Fiber optic strands
Image credit: Denny Müller

f451 Communications Library


This module provides a universal interface for various communications systems and services (e.g. email, Slack, SMS, etc.) and makes it possible to send the same message to several services with a single method call. The same call structure is used regardless of which services are enabled.

Current support

  • Email via Mailgun — plain text and HTML, with attachments and inline images
  • Slack — plain text and Slack blocks
  • SMS via Twilio — SMS with images
  • Twitter — status updates and DMs


This module was originally created to “scratch an itch.” I had several single-purpose applications running on different devices (e.g. Raspberry Pi) configured to support specific hardware configurations (i.e. sensors and displays, etc.), services, or functions. And all applications were designed to notify me via different channels that certain events had occurred and so on.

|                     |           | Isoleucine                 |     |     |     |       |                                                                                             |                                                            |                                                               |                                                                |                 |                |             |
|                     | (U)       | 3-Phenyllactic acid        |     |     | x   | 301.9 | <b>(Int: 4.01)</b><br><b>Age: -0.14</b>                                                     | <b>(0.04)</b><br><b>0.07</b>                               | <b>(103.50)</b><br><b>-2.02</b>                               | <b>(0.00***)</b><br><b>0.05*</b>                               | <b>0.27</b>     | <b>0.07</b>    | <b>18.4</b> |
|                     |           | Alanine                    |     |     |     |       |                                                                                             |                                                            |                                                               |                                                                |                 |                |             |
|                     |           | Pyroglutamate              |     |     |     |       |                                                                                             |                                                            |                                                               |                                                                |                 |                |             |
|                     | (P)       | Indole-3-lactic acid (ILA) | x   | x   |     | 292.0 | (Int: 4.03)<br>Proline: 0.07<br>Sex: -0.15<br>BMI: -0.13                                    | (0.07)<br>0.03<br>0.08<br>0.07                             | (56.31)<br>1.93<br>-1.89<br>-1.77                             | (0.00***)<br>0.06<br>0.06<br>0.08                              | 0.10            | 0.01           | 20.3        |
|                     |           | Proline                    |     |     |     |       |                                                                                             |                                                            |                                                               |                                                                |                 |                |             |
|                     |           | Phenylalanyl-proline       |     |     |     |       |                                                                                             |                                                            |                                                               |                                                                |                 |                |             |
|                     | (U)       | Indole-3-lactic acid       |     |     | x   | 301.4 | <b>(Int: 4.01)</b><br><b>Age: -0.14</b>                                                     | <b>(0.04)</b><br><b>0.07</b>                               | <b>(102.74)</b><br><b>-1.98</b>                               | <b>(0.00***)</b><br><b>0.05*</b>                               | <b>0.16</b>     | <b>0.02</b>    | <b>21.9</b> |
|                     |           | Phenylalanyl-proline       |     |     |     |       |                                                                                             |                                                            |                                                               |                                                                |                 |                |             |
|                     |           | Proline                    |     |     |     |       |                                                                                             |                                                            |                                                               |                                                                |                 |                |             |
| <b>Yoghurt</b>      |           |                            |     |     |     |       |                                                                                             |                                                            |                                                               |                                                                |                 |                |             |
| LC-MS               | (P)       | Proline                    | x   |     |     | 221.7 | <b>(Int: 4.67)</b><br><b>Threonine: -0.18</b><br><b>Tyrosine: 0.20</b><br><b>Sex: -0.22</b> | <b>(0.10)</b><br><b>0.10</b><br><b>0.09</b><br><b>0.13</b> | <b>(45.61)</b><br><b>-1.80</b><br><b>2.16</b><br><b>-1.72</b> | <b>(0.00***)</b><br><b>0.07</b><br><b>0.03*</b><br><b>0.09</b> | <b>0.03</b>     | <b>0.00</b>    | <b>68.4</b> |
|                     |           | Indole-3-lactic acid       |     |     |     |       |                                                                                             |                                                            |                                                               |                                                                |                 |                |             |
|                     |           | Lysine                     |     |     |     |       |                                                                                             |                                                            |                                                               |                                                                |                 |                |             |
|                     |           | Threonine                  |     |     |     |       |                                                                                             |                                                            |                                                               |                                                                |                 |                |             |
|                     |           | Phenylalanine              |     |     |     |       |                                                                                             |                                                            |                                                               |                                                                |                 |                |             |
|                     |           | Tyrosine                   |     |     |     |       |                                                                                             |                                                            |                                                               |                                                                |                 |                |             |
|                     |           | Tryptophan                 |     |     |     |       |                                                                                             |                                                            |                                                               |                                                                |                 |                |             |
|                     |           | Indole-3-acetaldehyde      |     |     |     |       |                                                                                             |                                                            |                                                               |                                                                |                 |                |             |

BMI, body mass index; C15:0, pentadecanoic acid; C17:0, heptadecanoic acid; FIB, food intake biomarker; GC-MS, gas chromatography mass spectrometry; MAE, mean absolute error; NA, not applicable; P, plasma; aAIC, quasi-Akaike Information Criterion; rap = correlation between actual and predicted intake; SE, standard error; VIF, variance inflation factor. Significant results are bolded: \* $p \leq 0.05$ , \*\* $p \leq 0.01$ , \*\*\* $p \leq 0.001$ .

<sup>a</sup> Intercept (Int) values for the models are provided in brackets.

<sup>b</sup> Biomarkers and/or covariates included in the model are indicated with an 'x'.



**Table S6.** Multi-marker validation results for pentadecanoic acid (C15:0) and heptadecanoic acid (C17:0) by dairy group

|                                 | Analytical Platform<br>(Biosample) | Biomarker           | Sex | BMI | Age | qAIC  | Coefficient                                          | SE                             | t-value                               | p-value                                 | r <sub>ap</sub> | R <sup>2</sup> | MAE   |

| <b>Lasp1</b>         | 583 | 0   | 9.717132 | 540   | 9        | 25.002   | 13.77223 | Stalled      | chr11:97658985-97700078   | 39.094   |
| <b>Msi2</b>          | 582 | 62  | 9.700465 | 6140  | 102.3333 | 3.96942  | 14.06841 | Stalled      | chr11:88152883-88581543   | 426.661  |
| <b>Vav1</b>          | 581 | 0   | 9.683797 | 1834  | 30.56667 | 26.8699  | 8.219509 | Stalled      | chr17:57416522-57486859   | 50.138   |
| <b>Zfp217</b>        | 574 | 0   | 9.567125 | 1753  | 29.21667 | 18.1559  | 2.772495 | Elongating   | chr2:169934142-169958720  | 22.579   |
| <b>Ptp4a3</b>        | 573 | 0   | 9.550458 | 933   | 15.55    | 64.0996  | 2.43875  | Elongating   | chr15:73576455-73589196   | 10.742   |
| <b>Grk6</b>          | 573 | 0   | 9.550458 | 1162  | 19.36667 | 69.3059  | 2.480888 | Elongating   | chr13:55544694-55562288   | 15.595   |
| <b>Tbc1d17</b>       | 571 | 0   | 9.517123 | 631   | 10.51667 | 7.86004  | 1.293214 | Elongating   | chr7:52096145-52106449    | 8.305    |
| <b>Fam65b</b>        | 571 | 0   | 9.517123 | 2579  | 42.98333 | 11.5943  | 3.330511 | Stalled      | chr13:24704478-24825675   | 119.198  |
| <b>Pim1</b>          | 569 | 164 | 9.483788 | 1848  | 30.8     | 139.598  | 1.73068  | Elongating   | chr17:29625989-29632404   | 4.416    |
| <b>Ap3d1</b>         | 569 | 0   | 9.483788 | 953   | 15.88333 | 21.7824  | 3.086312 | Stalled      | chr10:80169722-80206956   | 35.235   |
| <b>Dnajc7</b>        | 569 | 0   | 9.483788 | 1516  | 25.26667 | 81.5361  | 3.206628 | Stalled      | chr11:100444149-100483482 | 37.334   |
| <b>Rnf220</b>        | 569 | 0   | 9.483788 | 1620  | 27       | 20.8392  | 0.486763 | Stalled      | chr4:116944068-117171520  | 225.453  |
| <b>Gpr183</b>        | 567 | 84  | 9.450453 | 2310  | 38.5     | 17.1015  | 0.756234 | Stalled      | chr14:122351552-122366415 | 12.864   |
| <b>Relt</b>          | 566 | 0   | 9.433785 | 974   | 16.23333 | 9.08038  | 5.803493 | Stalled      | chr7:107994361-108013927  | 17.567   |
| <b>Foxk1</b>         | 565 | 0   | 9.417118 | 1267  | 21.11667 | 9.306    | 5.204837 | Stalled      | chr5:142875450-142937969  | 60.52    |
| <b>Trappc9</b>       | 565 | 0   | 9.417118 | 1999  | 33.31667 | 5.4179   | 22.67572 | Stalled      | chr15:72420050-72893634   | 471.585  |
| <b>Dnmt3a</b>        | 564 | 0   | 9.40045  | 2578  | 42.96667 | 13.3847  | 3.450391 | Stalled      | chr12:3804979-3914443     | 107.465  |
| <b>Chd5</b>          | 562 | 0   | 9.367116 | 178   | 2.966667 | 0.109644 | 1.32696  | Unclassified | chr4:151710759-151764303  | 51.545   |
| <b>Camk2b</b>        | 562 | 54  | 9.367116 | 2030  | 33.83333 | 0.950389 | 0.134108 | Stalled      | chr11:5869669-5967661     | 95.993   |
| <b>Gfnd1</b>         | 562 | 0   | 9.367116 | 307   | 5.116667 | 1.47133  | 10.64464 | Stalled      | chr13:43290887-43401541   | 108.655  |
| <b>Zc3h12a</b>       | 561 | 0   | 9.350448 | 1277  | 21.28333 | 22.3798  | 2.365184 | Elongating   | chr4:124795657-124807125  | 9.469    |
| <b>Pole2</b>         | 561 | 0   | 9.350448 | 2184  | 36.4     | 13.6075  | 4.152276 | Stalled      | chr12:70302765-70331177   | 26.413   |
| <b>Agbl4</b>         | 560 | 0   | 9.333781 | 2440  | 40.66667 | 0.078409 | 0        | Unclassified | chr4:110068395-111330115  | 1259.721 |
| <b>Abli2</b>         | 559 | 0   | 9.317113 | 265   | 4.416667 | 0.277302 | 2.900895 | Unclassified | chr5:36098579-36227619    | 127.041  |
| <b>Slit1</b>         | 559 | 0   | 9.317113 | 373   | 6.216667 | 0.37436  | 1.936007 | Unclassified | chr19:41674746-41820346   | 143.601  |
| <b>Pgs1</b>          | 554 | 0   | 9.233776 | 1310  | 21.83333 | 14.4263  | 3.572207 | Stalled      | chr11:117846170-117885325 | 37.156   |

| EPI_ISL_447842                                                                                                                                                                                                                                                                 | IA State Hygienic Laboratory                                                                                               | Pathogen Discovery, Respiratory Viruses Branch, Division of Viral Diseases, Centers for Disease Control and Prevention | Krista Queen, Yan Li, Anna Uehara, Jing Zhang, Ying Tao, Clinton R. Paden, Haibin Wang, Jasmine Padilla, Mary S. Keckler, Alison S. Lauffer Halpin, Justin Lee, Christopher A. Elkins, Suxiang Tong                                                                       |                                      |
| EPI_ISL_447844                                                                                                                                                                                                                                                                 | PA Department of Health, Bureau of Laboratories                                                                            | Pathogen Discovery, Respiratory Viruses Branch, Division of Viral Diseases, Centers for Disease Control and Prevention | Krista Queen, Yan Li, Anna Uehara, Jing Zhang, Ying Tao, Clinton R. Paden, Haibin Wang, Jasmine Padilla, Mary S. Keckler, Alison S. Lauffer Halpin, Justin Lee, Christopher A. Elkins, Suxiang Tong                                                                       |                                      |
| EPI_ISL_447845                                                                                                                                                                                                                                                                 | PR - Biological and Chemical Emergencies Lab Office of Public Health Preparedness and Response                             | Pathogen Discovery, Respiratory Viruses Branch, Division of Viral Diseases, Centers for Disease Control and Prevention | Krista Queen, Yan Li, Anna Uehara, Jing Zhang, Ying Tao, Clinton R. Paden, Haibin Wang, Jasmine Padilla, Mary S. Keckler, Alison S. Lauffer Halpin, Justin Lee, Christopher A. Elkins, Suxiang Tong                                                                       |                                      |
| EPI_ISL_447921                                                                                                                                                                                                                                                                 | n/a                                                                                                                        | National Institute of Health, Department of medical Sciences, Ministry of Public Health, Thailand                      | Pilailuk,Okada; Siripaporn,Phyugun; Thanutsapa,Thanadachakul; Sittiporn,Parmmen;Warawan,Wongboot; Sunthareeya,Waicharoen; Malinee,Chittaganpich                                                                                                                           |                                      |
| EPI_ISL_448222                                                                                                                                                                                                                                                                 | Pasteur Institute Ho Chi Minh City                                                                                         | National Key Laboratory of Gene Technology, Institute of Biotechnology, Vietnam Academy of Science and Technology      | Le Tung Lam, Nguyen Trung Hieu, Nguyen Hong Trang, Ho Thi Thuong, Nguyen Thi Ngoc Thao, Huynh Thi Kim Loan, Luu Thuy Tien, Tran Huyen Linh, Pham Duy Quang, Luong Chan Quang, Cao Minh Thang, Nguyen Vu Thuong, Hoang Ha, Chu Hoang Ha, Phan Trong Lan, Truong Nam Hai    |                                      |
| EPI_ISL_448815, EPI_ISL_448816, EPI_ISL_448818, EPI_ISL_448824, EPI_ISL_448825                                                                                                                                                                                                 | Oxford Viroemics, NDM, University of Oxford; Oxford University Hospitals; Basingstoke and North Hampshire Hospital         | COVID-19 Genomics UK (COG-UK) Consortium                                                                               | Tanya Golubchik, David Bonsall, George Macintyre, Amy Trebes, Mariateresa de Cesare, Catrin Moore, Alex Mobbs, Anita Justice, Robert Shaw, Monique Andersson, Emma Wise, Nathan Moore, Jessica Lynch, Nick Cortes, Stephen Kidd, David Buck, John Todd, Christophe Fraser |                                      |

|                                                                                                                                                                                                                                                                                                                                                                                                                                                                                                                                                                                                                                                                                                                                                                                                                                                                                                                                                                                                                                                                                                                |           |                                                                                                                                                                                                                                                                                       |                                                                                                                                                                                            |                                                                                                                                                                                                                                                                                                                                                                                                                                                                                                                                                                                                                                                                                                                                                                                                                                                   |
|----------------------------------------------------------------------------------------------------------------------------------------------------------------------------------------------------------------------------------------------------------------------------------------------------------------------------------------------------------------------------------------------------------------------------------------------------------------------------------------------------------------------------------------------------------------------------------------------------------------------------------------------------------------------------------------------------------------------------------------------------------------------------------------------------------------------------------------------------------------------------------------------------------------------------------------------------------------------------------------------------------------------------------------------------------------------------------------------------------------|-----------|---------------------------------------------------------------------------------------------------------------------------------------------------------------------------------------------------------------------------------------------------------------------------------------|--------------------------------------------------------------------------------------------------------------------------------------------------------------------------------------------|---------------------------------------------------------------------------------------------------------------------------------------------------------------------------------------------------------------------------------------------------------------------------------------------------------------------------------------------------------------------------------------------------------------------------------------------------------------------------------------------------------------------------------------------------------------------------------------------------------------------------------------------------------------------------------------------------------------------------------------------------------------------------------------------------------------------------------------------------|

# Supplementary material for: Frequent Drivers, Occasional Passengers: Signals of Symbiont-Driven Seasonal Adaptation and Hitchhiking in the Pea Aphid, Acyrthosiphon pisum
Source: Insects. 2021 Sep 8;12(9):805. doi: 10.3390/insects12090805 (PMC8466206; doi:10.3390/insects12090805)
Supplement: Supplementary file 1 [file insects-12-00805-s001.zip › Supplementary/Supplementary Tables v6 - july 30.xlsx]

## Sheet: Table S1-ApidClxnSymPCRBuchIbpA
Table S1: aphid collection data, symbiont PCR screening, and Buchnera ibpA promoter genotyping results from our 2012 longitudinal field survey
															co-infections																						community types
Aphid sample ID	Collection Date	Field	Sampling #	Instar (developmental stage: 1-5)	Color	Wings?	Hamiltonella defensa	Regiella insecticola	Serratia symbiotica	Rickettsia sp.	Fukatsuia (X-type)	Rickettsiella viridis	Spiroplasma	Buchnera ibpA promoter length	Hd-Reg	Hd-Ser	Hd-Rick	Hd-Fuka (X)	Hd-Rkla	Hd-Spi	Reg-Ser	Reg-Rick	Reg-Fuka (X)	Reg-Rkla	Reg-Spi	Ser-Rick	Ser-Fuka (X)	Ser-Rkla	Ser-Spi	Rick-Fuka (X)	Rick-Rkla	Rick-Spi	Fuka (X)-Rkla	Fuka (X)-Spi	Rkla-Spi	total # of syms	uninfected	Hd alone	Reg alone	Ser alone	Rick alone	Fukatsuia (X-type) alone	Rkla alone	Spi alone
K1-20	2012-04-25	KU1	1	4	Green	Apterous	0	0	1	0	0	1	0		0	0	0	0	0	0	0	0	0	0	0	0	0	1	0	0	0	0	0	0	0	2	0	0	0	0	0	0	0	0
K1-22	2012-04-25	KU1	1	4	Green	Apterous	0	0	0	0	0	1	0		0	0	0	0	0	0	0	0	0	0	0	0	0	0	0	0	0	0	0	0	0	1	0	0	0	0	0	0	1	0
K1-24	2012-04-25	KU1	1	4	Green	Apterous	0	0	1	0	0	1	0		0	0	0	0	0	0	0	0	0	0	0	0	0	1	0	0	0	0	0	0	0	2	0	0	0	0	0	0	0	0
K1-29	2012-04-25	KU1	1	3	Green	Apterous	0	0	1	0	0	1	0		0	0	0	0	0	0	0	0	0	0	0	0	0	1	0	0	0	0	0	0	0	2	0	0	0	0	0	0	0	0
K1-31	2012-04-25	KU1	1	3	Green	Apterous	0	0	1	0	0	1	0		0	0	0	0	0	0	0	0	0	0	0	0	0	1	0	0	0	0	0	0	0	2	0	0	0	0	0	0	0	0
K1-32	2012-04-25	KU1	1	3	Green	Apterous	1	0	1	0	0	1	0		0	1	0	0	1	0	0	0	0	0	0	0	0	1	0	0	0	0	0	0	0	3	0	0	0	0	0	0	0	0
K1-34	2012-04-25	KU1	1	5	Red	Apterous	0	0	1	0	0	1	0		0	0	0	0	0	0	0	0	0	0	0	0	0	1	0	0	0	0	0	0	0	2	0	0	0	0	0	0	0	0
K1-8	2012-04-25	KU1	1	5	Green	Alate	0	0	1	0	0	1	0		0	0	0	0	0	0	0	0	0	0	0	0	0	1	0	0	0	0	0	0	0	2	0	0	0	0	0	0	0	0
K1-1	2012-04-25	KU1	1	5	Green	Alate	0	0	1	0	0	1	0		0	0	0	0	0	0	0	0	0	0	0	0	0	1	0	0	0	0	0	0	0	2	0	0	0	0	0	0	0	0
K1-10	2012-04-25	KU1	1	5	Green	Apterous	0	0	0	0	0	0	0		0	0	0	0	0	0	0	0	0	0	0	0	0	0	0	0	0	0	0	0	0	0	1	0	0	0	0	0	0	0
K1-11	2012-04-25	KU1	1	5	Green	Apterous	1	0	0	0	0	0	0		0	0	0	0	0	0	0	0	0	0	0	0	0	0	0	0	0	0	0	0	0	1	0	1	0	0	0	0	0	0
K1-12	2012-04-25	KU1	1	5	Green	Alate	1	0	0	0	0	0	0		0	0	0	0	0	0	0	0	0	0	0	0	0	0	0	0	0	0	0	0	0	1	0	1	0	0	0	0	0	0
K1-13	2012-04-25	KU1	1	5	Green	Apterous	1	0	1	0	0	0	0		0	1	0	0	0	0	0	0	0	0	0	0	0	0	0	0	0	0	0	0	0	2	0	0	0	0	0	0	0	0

Using a standardized communications library , I’m able to call a simple send_message() method, which works the same way regardless of which services are enabled for a given device. And if I add a new communications channel, I can enable it quickly on my devices without updating the core applications. Simply adding the new channel to a configuration file is enough 😎

from configparser import ConfigParser, ExtendedInterpolation
from f451_comms.comms import Comms

secrets = ConfigParser(interpolation=ExtendedInterpolation())"_PATH_TO_YOUR_SECRETS_FILE_")

comms = Comms(secrets)
comms.send_message("Hello world!", "all")

The basic sequence is to first initialize the Comms object with the keys and secrets required to authenticate with the services that you want to use. After that you can send messages to one or more channels with a single method call to the Comms object.

The send_message() method also has a 3rd argument that allows you to include additional attributes using a dict structure. These attributes can contain a wide variety of items such as the HTML version of an email, or Slack blocks for more complex Slack messages. You can also include references to images or files to be attached to emails, and so on.